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When Breath Becomes Air, by Paul Kalanithi, is a memoir put together from an unfinished manuscript left on the author’s computer after his death from cancer. The book opens with a forward by Abraham Verghese and contains two parts written by Paul and then an epilogue by his wife, which brings closure to a story that he did not have time to complete. It is incredibly moving but so much more. It is a profound exploration of what it means to live.

“even if I’m dying, until I actually die, I am still living.”

Paul’s prose is coruscating, devastating, illuminating. The words reach down deep. I felt a sense of loss, of tears, of a desire to grab this life and appreciate everything in it.

Paul was obviously born to privilege. He first studied as an English major, completing a Masters in Literature before changing direction and preparing for medical training, first at Cambridge and then at Stanford where he rose to become Chief Resident with a glittering career promised, just ahead. He was always questioning his choices and seeking wisdom.

“I don’t believe in the wisdom of children, nor in the wisdom of the old. There is a moment, a cusp, when the sum of gathered experience is worn down by the details of living. We are never so wise as when we live in this moment.”

The sections relating to the author’s residency should be required reading for all with contacts to the medical profession, including patients. He ponders what it means to be a doctor, how it is so much more than saving a life. He offers thoughts on those occasions when this may not be in the patient’s best interests, how illness afflicts not just the individual but also family and friends. Few survive major trauma unchanged.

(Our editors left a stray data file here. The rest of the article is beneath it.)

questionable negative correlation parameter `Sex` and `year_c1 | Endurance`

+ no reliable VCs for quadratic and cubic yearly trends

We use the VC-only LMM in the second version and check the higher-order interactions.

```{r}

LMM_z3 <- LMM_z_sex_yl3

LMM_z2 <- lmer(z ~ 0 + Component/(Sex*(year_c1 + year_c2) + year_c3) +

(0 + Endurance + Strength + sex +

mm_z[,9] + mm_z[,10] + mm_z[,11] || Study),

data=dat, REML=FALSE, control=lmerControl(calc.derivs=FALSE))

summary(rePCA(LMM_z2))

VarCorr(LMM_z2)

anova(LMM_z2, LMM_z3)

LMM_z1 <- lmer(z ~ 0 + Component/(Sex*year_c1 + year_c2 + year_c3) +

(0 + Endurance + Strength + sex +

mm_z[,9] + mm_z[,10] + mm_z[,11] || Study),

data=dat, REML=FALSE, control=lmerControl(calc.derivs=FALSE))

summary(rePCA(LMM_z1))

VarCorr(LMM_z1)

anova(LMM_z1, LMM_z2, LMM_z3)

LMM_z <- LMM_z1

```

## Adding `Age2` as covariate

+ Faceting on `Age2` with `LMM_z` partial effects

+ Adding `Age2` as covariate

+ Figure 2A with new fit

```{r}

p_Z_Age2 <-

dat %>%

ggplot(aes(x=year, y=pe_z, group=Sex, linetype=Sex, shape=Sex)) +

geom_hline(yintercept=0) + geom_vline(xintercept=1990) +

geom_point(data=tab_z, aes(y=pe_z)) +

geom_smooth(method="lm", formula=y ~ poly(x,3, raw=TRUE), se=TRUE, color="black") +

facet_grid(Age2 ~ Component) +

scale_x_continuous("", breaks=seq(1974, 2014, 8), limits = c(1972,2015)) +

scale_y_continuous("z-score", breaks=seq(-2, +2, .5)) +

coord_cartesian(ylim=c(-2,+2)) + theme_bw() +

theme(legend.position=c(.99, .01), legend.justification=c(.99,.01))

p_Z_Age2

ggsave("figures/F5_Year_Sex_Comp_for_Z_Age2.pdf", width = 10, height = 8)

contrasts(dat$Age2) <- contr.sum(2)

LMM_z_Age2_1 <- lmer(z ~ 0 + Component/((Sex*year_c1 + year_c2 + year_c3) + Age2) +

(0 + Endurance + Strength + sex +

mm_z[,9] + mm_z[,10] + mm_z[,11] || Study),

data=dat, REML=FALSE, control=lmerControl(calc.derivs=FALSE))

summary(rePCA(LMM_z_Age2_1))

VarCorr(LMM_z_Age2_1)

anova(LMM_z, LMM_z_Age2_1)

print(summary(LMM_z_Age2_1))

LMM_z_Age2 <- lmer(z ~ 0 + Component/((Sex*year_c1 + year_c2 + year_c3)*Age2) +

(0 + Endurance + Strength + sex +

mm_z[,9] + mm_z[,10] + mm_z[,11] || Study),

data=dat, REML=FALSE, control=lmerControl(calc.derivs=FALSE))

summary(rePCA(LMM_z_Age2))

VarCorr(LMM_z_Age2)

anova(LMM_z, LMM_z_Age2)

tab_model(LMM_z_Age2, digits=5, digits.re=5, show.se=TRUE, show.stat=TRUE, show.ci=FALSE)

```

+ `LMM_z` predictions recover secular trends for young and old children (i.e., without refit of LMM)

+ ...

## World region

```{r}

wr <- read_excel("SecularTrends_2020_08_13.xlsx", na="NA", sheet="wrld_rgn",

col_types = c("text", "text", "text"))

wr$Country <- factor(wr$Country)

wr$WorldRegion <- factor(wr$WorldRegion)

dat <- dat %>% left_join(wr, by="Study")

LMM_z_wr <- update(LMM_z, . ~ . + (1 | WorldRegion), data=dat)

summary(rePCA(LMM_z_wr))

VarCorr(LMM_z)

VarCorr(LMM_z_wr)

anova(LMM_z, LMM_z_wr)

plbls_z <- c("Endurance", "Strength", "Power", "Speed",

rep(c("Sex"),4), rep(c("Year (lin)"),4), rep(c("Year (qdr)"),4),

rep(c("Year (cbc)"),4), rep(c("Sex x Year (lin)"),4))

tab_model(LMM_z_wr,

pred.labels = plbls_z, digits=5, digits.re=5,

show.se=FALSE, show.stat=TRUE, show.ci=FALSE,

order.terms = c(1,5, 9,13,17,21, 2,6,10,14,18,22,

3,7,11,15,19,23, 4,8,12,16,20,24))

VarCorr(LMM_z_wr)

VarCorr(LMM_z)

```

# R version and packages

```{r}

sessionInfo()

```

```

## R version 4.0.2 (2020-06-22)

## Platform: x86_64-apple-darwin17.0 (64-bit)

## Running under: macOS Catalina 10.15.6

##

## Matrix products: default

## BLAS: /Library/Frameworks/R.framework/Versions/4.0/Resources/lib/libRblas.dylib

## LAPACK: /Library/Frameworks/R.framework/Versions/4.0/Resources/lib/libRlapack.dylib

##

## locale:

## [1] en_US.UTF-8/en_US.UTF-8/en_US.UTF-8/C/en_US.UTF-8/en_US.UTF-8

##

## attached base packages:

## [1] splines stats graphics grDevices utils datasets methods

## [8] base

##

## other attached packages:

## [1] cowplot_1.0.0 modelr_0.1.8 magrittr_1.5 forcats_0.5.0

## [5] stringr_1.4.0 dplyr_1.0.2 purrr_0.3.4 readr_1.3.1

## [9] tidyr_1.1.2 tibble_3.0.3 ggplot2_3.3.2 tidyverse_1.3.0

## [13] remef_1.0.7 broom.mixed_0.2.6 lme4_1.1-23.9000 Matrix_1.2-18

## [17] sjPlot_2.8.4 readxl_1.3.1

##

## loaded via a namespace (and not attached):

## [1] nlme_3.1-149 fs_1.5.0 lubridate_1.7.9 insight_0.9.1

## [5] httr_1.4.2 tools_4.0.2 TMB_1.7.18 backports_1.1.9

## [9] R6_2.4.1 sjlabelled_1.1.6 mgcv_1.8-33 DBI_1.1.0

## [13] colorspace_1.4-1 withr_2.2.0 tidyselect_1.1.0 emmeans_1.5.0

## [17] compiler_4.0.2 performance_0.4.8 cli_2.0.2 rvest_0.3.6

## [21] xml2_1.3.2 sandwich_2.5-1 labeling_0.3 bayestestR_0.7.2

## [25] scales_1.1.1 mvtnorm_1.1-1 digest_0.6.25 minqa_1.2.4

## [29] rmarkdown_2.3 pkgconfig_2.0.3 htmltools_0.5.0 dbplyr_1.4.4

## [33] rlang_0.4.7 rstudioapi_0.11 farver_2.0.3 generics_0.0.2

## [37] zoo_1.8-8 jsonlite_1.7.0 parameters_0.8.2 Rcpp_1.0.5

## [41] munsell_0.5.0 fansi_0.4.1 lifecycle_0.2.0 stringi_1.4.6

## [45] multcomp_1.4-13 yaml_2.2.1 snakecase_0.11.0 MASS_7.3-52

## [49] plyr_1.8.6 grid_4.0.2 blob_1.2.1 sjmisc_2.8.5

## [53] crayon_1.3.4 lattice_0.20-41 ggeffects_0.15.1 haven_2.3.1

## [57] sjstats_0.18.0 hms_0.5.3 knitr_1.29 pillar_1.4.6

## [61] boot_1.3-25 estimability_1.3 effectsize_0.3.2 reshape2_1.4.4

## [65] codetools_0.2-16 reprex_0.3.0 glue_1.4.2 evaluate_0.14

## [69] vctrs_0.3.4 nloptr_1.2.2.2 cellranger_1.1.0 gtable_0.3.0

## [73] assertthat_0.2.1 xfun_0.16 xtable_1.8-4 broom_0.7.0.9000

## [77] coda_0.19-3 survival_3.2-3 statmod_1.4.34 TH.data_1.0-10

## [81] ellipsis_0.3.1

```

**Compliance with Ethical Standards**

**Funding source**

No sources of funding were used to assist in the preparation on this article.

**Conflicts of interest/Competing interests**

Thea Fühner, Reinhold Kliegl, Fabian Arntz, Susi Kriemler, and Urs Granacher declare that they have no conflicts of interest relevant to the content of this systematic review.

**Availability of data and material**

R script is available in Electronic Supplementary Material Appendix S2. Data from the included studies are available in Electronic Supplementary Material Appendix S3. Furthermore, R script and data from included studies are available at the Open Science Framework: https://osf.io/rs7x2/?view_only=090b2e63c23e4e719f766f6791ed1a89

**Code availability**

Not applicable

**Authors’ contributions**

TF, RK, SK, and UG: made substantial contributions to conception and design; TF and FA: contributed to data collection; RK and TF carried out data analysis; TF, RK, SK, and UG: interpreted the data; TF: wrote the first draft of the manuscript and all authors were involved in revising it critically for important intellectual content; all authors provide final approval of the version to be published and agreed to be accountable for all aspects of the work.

The second part of the book relates to his months after diagnosis, a time when he had expected to graduate and realise the dreams he had been working so hard and for so long to achieve.

“I knew I was going to die – but I’d known that before. My state of knowledge was the same, but my ability to make lunch plans had been shot to hell.”

I found this section acutely moving. Paul had such potential yet he did not indulge in asking “why me?” Instead he accepted, “why not me?” He had support from his family, he made plans with his wife to have a child, he wrote this book.

“Death may be a one-time event, but living with terminal illness is a process.”

Paul struggled at times to hand over his care to others. He learned how difficult some of the treatments he had routinely recommended were to bear. When improvements occurred he questioned how he wanted to spend his time, if his career was as important as it had seemed. His musings on why he had become a doctor should be read by all who complain about those entrusted with their medical care.

The epilogue is written by his wife and is in a very different style. Rather than considering the bigger questions of life and death and how to deal with these, she rounds off Paul’s story with facts wrapped around love and grief.

A beautiful, emotive book that is more than just a memoir. The author is a thoughful and skilled writer making this an inspiring, considerate read. Any death brings sadness to loved ones. It is hard not to think of the death of this man, whose work could have led to the saving of so many other’s lives, as a loss to the world. I am grateful that he left us these words.

My copy of this book was provided gratis by the publisher, The Bodley Head.